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Spain: First to Bestow Legal Personhood to an Ecosystem by Bridget Ryder

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Spain: First to Bestow Legal Personhood to an Ecosystem

Spain is about to bestow juridical personhood on an ecosystem. It will be the first of its kind in Europe. 

A law that will give the Mar Menor, the continent’s largest saltwater lagoon, juridical personhood, is in the last stages of the parliamentary process. The final vote of approval is expected from Spain’s senate in the coming weeks. 

The law was proposed as a citizen’s initiative based on approximately 650,000 signatures gathered in 2021 following years of political inaction in the face of the obvious extensive degradation of the Mar Menor. The calm, clear natural seawater lake was a regional and national jewel for recreation and fishing until the last few decades. 

The intensification and bad management of almost every human activity from farming to vacationing, mining, logging, and boat and ship traffic filled the Mar Menor with invasive species, Mediterranean Sea water, sewage, sediment, nutrient runoff, and pollution, slowly killing native species and turning the crystal blue waters a murky brown-green from excess algae growth. In 2016, it had officially become a disgusting ‘green soup,’ evident not only to the naked eye but also on satellite images. The damaged ecosystem is no longer amenable to human activity or native aquatic species—the excessive algae suck up the oxygen that fish need to breathe, for example. Mass die-offs of aquatic species have been noticeable since 2017. The long-snouted seahorse nearly vanished; smelt, shrimp, crab, eels—critters that have vital and economic value—had all but disappeared, affecting the livelihoods of fishermen. Clean-up efforts helped restore numbers in 2019, but the lagoon of 2022 still has a long way to go before its habitat is what it was even ten years ago. 

Every citizen and politician agrees that something needs to be done, but not everyone is certain that designating the Mar Menor juridical personhood status is the right move. 

“The novelty is that we are leading a European and global movement to recognize the rights of natural systems with life, when throughout history they have already been granted even to companies,” Teresa Vicente, philosophy of law professor at the University of Murcia and the leader of the citizen’s initiative explained to Spanish newspaper ABC.

“The Declaration of the legal personality of the Mar Menor and its basin will allow autonomous governance of the coastal lagoon, understood as an ecosystem worthy of protection in itself, a legal novelty that enhances the treatment given up to now: the lagoon goes from being a mere object of protection, recovery and development, to be an inseparably biological, environmental, cultural, and spiritual subject,” details the text of the bill.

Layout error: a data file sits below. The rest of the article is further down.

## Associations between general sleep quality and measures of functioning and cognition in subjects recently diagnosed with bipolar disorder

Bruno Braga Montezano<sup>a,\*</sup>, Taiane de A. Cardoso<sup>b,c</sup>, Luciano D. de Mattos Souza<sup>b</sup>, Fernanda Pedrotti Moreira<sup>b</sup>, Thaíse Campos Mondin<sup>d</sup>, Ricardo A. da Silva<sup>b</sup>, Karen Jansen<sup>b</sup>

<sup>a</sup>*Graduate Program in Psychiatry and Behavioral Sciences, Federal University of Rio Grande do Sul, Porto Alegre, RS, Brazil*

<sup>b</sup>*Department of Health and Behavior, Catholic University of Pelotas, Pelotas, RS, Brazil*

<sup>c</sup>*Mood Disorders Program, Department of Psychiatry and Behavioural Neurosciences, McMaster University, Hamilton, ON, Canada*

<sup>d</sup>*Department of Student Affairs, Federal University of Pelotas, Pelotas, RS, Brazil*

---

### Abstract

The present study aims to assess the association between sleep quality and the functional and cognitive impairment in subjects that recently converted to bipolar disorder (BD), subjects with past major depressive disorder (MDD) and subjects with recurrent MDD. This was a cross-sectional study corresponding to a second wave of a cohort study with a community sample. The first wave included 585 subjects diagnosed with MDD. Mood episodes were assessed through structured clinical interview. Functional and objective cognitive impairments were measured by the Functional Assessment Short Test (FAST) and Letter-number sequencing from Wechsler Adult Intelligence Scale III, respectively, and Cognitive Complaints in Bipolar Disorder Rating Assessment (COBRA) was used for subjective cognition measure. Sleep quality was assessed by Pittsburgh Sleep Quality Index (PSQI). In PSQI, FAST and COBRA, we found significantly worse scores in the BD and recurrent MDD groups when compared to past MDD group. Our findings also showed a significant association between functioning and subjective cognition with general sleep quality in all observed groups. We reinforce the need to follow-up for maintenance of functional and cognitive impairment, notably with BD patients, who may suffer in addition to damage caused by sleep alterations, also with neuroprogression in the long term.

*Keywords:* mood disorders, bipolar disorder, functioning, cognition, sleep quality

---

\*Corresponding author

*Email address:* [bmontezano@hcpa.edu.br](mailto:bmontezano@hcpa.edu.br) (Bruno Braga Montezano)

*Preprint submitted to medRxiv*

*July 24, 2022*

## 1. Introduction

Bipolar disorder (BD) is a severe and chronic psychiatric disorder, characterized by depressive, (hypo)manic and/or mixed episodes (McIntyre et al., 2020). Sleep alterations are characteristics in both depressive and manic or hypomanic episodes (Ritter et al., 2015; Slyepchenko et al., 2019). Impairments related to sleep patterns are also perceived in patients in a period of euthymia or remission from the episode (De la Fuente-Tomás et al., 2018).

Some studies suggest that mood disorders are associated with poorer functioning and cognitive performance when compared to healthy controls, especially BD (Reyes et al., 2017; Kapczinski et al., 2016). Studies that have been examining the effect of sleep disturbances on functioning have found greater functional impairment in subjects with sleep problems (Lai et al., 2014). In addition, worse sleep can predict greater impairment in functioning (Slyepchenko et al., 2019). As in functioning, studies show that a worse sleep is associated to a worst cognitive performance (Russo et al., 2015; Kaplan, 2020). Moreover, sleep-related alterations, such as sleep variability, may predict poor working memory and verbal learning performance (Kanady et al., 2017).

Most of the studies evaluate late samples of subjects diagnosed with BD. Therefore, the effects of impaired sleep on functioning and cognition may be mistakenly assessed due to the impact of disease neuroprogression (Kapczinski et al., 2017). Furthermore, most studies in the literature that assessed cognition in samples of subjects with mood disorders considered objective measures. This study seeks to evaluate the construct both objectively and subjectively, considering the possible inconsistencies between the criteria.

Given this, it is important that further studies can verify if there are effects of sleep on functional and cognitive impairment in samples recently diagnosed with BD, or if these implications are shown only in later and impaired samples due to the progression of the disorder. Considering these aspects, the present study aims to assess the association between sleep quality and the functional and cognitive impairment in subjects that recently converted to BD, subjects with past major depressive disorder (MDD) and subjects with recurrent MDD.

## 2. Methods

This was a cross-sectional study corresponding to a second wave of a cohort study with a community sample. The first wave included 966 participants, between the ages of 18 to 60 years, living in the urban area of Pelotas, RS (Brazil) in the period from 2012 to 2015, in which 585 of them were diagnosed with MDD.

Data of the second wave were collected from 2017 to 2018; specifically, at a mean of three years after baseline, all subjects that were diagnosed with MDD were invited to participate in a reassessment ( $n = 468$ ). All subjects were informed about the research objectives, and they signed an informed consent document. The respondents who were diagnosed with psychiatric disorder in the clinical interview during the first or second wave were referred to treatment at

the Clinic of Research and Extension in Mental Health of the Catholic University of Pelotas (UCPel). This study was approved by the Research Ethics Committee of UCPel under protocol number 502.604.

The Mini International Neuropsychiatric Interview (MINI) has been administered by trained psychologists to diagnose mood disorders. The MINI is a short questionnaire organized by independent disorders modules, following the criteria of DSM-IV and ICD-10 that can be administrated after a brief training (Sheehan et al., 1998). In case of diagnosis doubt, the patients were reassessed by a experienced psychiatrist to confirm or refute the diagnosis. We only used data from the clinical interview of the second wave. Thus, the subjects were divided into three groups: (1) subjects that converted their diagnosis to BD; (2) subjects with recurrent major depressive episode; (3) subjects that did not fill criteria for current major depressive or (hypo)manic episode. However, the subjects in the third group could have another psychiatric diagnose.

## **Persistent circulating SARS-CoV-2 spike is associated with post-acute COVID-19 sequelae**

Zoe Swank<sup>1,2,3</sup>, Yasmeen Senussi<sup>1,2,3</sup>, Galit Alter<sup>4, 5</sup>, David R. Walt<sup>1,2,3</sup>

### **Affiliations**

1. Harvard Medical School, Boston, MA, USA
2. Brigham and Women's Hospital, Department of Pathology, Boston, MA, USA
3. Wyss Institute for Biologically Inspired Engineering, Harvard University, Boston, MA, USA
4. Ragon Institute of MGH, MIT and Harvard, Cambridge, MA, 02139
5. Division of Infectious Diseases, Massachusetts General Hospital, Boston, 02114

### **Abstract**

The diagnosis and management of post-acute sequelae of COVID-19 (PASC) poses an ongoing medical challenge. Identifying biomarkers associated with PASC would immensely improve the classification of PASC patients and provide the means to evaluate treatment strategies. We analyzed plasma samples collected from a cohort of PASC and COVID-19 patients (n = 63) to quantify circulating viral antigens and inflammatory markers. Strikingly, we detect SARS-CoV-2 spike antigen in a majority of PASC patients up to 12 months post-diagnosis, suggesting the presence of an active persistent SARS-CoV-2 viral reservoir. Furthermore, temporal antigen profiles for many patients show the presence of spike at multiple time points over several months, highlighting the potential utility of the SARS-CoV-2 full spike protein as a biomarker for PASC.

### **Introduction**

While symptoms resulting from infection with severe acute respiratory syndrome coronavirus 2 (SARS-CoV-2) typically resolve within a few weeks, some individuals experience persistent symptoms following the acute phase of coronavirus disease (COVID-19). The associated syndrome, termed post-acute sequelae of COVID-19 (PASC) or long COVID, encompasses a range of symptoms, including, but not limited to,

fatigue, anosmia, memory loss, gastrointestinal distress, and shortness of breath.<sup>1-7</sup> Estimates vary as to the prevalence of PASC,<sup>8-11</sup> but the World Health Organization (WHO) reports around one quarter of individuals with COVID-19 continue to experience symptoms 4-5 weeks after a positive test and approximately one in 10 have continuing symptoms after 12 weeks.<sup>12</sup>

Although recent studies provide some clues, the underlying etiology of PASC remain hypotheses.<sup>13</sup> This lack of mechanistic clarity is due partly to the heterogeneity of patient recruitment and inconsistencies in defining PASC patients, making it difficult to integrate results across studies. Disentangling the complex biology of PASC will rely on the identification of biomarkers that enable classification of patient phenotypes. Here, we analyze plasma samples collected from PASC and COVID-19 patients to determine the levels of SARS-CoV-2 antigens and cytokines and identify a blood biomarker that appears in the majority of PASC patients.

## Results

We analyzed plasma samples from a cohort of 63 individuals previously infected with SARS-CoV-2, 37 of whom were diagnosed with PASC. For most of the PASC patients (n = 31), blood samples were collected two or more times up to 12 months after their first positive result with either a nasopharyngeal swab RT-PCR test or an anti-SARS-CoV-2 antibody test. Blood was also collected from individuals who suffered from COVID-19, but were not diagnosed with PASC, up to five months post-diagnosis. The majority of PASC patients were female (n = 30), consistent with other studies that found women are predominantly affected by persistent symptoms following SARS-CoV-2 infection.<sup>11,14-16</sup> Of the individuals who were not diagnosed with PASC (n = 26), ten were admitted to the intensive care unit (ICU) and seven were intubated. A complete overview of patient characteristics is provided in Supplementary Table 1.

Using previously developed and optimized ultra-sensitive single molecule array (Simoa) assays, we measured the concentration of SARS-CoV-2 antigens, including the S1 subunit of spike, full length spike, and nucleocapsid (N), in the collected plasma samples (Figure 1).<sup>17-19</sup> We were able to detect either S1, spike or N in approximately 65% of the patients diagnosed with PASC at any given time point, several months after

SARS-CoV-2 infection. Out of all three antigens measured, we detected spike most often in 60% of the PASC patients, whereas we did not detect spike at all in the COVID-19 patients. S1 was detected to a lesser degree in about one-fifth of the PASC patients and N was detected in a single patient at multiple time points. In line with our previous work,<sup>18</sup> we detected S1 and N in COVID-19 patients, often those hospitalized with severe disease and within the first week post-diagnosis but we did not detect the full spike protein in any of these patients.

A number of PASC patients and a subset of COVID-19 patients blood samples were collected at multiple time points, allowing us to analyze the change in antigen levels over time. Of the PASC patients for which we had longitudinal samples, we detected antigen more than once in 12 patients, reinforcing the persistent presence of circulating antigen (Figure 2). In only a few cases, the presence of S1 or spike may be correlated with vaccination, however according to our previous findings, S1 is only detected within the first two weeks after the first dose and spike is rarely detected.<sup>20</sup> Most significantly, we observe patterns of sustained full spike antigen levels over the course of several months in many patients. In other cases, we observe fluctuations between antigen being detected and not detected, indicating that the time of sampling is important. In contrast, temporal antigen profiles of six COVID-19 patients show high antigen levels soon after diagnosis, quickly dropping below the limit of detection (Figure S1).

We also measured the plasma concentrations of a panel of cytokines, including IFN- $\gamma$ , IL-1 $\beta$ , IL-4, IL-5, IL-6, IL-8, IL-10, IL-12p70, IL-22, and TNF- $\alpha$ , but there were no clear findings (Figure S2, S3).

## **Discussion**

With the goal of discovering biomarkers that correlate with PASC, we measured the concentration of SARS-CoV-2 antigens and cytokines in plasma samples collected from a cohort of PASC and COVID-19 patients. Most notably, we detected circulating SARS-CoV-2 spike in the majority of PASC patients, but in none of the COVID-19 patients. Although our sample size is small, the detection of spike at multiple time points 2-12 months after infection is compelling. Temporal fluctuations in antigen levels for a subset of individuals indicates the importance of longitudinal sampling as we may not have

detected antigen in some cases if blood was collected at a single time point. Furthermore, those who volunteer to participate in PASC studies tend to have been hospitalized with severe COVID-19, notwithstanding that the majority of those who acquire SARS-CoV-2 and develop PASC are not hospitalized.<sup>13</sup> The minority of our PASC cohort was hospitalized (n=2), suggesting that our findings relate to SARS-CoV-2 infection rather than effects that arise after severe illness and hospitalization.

Giving legal personality to the lagoon implies a limit to the exercise of other rights that can deteriorate the lagoon, such as the right to property, freedom of enterprise, and economic development, according to experts in favour of the bill.

Practically, it also grants the lagoon three guardians: a Committee of Representatives, a Monitoring Commission, and a Scientific Committee made up of a mix of stakeholders, government administrators, citizens, and scientists. Also, any citizen would be able to take up the defence of the lagoon in court.

Other legal experts find the lagoons’ juridical personality status as legally murky as the waters the bill aims to clean up. 

Santiago González-Varas, Professor of Administrative Law at the University of Alicante, told ABC he appreciates the good intention of the law and the frustration of citizens but fears this type of regulation “generates a notorious uncertainty,” in how the legal mechanism will function in reality. 

Other legal experts concur with González-Varas that the formula does not fit in well with the legal system. 

González-Varas sees “more political slogan than basis law” behind this initiative.

“You have to ask whoever invented it, I don’t know what it is for, what it is, it sounds strange, strange, like a political issue, with the current government it gives the impression that all evils are solved with this, it is something very Spanish,” González-Varas explained to ABC.

The conservative party VOX has opposed the bill on the same grounds, calling it a “’Bolshevik experiments’ of the Left” that only adds layers of bureaucracy without functionally addressing the problems. The party has also proposed a series of measures to directly address the contamination problem, including improving municipal sewer systems and implementing measures to prevent dirty agricultural run-off from landing in the Mar Menor. 

Some rivers in Colombia, Ecuador, India, and New Zealand have been given personal juridical status at the request of various indigenous populations that consider them to be on the same legal level as individuals.

Bridget Ryder is Spain-based writer. She has written on politics, environment, and culture for American and international publications. She holds degrees in Spanish and Catholic Studies.